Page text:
It is provided in section 8 of article XX of the Constitution that all property "owned by either husband or wife, before marriage, and that acquired by either of them afterwards by gift, devise, or descent, shall be their separate property." All other property is community property. (Civ. Code, §§ 164, 687.)  In Zaragosa v. Craven (1949), 33 Cal.2d 315 [ 202 P.2d 73, 6 A.L.R.2d 461], it was held that it is "the law of this state that the cause of action for personal injuries suffered by either spouse during marriage . . . as well as any recovery therefor, constitutes community property. . . ." (See also Flores v. Brown (1952), 39 Cal.2d 622 [ 248 P.2d 922].) In the Zaragosa case the fund was acquired in California while the parties were domiciled here. The question of the character of property acquired as compensation for the personal injuries suffered out of state by one spouse while domiciled in California presented itself in Darnold v. Voges, 143 Cal.App.2d 230 [ 300 P.2d 255].  It was there stated at page 251 that "marital property rights in personalty or choses in action acquired by a spouse are determined under the laws of the domicile of the acquiring spouse." The foregoing is a proper statement of the preferred rule (see Shilkret v. Helvering (1943), 138 F.2d 925 [78 App. D.C. 178]; 41 C.J.S. 719; 11 Am.Jur. 376; §§ 208, 290. Rest., Conflict of Laws), and we recognize it as the law of this state. (See also Dow v. Gould Curry S.M. Co., 31 Cal. 629, 630, 652.) In the present case the question of the domicile of the spouses at the time the fund was acquired is undetermined. If they were domiciled in Kentucky at that time it would seem that the fund was Lola's separate property (§§ 404.010, 404.020, 404.060, Kentucky Revised Statutes ), and subject to control by Mills only in his capacity as guardian. If the parties were domiciled in California at that time, as the petitioner contends, the fund was and is community property and its disposition must be governed by the community property laws of this state.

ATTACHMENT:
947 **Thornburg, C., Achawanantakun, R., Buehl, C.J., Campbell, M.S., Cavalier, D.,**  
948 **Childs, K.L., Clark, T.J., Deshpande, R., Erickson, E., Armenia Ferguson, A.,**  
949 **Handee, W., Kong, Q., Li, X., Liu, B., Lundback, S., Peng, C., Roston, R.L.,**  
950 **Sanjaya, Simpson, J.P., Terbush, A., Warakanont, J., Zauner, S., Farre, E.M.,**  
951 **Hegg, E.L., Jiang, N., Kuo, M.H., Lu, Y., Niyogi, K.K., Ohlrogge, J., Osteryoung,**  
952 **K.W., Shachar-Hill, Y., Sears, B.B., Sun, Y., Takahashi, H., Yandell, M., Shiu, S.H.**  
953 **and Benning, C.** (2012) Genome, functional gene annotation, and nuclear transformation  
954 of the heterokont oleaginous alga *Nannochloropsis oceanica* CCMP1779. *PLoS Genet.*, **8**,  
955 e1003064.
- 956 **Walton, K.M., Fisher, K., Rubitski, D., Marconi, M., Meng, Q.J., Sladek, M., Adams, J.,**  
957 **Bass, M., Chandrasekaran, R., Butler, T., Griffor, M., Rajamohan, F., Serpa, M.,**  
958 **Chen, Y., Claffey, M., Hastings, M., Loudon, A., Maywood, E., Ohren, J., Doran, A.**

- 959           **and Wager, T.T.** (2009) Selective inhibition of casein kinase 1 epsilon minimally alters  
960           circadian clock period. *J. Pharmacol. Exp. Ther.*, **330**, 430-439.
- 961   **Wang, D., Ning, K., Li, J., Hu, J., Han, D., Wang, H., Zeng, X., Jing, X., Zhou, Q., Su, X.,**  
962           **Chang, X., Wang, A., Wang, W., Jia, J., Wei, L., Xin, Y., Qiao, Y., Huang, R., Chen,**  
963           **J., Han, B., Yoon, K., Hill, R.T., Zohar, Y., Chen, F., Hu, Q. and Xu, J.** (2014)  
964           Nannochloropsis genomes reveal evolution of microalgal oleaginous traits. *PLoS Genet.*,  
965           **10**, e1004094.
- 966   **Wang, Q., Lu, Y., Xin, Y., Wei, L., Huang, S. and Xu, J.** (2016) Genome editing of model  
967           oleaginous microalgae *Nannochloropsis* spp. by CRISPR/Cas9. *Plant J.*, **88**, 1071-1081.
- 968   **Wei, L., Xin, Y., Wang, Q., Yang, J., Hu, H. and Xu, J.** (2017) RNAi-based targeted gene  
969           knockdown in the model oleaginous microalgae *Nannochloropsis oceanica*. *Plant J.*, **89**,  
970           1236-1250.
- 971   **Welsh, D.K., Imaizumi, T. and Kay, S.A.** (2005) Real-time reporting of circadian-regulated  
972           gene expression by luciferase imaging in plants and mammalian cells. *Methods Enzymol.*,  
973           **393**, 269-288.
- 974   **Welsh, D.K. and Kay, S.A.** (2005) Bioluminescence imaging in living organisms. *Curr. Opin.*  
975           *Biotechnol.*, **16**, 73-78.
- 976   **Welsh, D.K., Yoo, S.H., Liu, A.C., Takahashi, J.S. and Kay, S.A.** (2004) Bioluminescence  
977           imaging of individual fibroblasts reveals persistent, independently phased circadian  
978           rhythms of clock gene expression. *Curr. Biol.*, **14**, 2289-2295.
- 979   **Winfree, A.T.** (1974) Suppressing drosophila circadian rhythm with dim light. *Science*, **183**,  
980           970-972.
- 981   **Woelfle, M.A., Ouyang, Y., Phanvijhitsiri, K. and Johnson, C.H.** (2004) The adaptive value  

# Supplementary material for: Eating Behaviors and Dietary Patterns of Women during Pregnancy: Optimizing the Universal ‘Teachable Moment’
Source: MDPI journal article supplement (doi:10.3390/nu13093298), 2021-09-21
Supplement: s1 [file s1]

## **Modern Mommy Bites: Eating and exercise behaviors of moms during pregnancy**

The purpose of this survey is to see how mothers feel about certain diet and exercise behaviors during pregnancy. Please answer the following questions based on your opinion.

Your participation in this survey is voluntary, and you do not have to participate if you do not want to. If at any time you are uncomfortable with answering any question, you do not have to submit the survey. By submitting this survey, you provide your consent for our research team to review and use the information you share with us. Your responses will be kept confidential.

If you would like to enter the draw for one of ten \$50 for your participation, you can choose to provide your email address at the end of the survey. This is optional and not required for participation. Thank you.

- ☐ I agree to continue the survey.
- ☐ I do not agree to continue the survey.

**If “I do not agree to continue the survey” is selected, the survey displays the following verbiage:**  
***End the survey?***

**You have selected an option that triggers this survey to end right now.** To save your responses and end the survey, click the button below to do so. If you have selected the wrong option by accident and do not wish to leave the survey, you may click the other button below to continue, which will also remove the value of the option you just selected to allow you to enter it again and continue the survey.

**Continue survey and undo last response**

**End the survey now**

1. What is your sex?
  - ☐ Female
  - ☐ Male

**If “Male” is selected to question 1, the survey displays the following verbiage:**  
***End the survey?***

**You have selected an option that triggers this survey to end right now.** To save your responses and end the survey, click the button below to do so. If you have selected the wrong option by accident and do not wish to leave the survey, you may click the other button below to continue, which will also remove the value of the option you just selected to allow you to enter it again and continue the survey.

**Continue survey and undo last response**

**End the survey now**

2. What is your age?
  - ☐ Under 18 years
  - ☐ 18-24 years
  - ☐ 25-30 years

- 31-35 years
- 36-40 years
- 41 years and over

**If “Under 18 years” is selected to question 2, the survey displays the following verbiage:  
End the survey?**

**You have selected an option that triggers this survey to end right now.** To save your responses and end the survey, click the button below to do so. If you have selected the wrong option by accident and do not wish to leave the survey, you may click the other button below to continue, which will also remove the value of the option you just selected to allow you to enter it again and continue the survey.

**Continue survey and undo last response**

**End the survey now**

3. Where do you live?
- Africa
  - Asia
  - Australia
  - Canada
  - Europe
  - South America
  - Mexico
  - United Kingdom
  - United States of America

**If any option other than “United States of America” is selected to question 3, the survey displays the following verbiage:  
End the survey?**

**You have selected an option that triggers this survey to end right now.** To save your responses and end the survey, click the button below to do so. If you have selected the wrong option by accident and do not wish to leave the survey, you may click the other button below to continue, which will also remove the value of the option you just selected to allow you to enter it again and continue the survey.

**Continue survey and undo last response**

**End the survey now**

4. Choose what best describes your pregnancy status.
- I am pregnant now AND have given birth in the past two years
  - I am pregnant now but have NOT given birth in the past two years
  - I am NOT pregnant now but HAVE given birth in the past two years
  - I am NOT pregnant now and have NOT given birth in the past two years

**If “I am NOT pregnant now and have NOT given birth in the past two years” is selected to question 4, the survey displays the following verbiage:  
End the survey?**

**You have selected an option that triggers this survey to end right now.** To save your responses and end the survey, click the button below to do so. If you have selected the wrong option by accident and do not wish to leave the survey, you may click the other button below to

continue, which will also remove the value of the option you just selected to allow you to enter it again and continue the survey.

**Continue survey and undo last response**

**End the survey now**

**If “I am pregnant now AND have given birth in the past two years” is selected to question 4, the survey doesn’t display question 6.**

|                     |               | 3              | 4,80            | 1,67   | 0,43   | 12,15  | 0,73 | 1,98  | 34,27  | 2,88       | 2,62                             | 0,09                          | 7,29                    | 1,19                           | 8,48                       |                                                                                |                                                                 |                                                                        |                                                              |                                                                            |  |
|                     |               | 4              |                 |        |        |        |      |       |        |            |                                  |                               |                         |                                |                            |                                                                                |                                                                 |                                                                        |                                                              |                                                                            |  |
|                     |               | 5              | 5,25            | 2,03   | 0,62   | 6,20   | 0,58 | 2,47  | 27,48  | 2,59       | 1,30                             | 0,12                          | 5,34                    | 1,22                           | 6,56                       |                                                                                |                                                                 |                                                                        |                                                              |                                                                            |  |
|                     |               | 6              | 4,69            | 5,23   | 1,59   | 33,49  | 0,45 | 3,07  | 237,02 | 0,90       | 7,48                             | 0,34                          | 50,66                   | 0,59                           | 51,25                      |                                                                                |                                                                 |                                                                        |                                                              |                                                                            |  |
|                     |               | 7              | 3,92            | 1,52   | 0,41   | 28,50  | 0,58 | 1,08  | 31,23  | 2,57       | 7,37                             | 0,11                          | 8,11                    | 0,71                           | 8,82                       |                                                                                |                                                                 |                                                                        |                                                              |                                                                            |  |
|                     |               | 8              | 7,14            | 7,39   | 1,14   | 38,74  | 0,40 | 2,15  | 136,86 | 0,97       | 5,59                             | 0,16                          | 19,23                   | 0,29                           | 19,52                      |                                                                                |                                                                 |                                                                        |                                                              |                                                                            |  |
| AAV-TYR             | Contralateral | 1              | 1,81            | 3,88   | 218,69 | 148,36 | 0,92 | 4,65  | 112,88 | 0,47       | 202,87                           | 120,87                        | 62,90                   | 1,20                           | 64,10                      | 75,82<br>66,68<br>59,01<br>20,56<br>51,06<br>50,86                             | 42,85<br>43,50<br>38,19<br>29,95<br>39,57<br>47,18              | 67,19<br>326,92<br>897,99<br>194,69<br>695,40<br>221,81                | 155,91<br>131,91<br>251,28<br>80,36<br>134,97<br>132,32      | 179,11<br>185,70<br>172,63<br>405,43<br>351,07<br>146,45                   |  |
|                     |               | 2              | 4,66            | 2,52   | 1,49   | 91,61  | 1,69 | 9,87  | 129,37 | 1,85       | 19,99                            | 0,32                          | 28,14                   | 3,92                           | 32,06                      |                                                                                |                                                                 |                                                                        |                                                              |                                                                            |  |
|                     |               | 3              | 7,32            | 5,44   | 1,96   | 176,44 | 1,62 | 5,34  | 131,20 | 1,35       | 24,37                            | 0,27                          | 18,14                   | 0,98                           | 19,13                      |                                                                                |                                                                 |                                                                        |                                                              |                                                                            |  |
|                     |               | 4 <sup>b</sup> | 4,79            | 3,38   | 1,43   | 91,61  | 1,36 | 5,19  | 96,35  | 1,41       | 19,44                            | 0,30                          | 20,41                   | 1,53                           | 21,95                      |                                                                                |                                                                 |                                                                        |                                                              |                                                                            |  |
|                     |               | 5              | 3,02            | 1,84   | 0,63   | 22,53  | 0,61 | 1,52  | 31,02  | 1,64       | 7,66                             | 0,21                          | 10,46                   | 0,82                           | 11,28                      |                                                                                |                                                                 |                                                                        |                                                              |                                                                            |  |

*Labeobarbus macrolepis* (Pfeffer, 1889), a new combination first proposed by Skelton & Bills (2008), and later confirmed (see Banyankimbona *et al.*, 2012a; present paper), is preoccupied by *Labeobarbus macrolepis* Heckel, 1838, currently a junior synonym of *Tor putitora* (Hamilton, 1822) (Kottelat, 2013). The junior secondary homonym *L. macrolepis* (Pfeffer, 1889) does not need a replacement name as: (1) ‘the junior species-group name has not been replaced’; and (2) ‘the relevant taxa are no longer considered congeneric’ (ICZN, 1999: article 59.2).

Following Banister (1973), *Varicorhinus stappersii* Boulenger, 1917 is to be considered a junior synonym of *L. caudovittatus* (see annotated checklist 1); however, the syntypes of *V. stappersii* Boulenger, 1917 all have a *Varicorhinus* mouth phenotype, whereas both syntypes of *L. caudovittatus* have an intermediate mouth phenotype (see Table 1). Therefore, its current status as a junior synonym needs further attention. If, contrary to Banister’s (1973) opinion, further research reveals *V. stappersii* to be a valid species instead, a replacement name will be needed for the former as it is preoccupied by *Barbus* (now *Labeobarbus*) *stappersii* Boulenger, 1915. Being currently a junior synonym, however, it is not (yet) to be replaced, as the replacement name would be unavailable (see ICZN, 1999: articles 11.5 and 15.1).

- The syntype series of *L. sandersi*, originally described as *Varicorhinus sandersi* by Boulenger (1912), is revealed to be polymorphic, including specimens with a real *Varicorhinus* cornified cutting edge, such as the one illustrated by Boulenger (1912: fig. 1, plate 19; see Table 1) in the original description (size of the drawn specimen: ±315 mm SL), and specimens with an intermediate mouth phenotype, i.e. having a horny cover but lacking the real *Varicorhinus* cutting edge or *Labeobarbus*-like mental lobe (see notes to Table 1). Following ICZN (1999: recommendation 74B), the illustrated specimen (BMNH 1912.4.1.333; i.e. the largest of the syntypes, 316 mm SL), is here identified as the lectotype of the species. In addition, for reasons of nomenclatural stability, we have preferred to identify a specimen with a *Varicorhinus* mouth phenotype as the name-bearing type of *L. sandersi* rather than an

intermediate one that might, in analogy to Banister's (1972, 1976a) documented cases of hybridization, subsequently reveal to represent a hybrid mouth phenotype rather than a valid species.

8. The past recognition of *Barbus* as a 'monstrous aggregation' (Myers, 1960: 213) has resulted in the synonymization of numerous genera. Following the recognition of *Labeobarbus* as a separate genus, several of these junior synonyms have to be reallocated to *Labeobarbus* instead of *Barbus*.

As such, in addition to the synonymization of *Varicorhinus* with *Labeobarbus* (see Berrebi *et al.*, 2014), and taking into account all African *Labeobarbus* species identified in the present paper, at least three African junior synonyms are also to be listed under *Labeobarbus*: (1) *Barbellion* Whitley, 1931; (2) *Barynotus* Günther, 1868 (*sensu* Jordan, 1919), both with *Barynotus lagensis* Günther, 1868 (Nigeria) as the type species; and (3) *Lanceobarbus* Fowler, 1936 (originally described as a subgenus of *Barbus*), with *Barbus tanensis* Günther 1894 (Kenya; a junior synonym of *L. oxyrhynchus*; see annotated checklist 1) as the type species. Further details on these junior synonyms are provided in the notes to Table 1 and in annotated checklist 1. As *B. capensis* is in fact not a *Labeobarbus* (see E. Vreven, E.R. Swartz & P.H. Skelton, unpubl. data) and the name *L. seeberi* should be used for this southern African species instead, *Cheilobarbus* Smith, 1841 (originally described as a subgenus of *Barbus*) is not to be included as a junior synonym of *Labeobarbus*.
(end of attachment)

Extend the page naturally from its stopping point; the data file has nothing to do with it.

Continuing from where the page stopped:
[8a] Where community property is involved it is the general rule that the husband has management and control of the personalty to the same extent, with certain exceptions not here involved, as in the case of his separate property. (Civ. Code, §§ 161a, 172.) In such case he could, subject to certain statutory limitations, properly manage the entire community fund in his capacity as husband regardless of whether he was also the guardian of his incompetent wife, and he could do so without the approval of or the requirement that he account to the court having jurisdiction of the guardianship matter.  Contentions by the present guardian that the contract for contingent fees is void in its entirety for lack of court approval, that a guardian cannot authorize the payment of attorney fees without court approval (see Guardianship of Cookingham, 45 Cal.2d 367, 374 [ 289 P.2d 16]), and that a guardian cannot delegate his powers to distribute a guardianship fund (see Gaver v. Early, 191 Cal. 123 [ 215 P. 394]) have application only as against a guardian and not as against a husband who apart from guardianship proceedings has been authorized to exercise management and control over a community fund.